Liberal Arts (2012)

How I groomed your mother

I first saw this movie at the ideal moment of my life for such a film. I stumbled upon it a couple years after it was released; probably around 2014 when I was 26, which would put me squarely between the ages of the two protagonists: 35-year-old Jesse (Josh Radnor) and 19-year-old Zibby (Elizabeth Olsen). This made it easy for me to empathize with both of their perspectives, though I had no use at the time for the third subplot: the uneasy retirement of Professor Hoberg (Richard Jenkins). Zibby’s disdain for young adulthood and Jesse’s nostalgia for fleeting youth both resonated with me, and their blossoming romance felt like the symbolic union of the two.

How times change. Now I am almost exactly Jesse’s age, as you might have figured out if you did the mental math, and, upon revisit, this movie seems astringent. It’s not exactly bad; it has some insights on the collision between curiosity, youth, and nostalgia. But I’m not sure how I ever thought the balance between Jesse and Zibby was even remotely fair; the film doesn’t really give us any reason for Zibby to be drawn to the milquetoast Jesse. Maybe I’m a judgmental cynic, but when I encounter adults my age who excessively romanticize their college years, it doesn’t make them seem like free-spirited and intellectually voracious thinkers, so much as it suggests a state of arrested development (which Liberal Arts seems only half aware of).

On the other hand, Professor Hoberg, the character who bored me eight years ago, might actually be the most interesting part of the whole movie. Like Jesse, Hoberg doesn’t know how to move to the next stage of his life, so he clings to the past in desperation. But in this case, the film is keenly aware of his psychological block and gives the character time to process through that. The same can’t be said for Jesse.

The whole thing is a NutraSweet Woody Allen riff; most of the edge and neurosis that Allen brings to his films has been diluted so that the whole thing is a bit colorless. Though the film is built around a Manhattan-esque fling between a teen student girl and a man several years her senior, it goes out of its way to both confront the ookiness and to minimize it. (To be clear, I’m not defending Manhattan’s unflinching idealization of its romance, which creeps me out.) For starters, Zibby is older than eighteen, and she drives every step of the relationship. By the end of the film, the most potentially sleazy and salacious plot twists have been avoided in favor of something that pivots the story back towards Jesse’s introspection. This is, after all, a movie made by a middle-class white intellectual and his own grappling with his stunted growth; like I said, an Allen impression (though perhaps Garden State, another dramedy written, directed by, and starring a sitcom star from the 2000s, would be a better comp).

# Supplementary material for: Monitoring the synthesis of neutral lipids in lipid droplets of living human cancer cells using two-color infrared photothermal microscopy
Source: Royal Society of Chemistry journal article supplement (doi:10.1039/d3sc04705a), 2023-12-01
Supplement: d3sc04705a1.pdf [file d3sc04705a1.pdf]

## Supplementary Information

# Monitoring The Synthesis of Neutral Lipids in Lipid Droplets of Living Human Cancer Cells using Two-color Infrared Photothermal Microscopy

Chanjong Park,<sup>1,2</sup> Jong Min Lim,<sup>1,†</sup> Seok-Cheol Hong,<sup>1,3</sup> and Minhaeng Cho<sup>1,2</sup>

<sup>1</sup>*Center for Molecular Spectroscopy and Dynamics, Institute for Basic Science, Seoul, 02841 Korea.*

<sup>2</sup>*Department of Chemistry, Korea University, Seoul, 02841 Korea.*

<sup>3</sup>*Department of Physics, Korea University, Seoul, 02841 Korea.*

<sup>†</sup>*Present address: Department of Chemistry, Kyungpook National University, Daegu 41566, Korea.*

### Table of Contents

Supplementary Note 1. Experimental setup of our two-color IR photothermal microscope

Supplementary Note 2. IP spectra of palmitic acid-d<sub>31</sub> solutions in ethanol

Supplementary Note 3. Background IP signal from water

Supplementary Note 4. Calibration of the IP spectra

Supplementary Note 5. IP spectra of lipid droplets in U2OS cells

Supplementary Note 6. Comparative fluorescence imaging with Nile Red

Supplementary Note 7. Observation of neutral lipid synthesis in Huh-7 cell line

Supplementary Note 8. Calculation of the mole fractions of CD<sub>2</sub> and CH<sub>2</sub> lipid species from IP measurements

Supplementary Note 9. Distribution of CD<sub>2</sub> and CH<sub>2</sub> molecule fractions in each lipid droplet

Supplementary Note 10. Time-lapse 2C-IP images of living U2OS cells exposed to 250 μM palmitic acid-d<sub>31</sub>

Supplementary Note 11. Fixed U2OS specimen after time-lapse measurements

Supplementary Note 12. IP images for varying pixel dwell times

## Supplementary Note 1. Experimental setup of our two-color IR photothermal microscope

I fear I make it sound too dour and dull, but it’s a breezy and occasionally witty watch. There are some fun moments and performances. Zac Efron, an actor I’m always delighted to see, goes against type as an enlightened stoner who serves as Jesse’s spiritual guru. Allison Janney makes a cameo and devours her three scenes as a cougar professor. And there’s a montage about discovering the pleasures of classical music that’s really fun and well-edited, buoyed by some all-timer tunes that would liven up even the worst film (though I had trouble buying that an aspiring man of letters like Jesse would have so little knowledge of great music).

Overall, it just feels like a lot of navel-gazing; decently-written and -acted navel-gazing, but the point stands. You need to be on its wavelength to get much out of it. I was at 26. At 34, not so much.

Is It Good?

Nearly Good (4/8)

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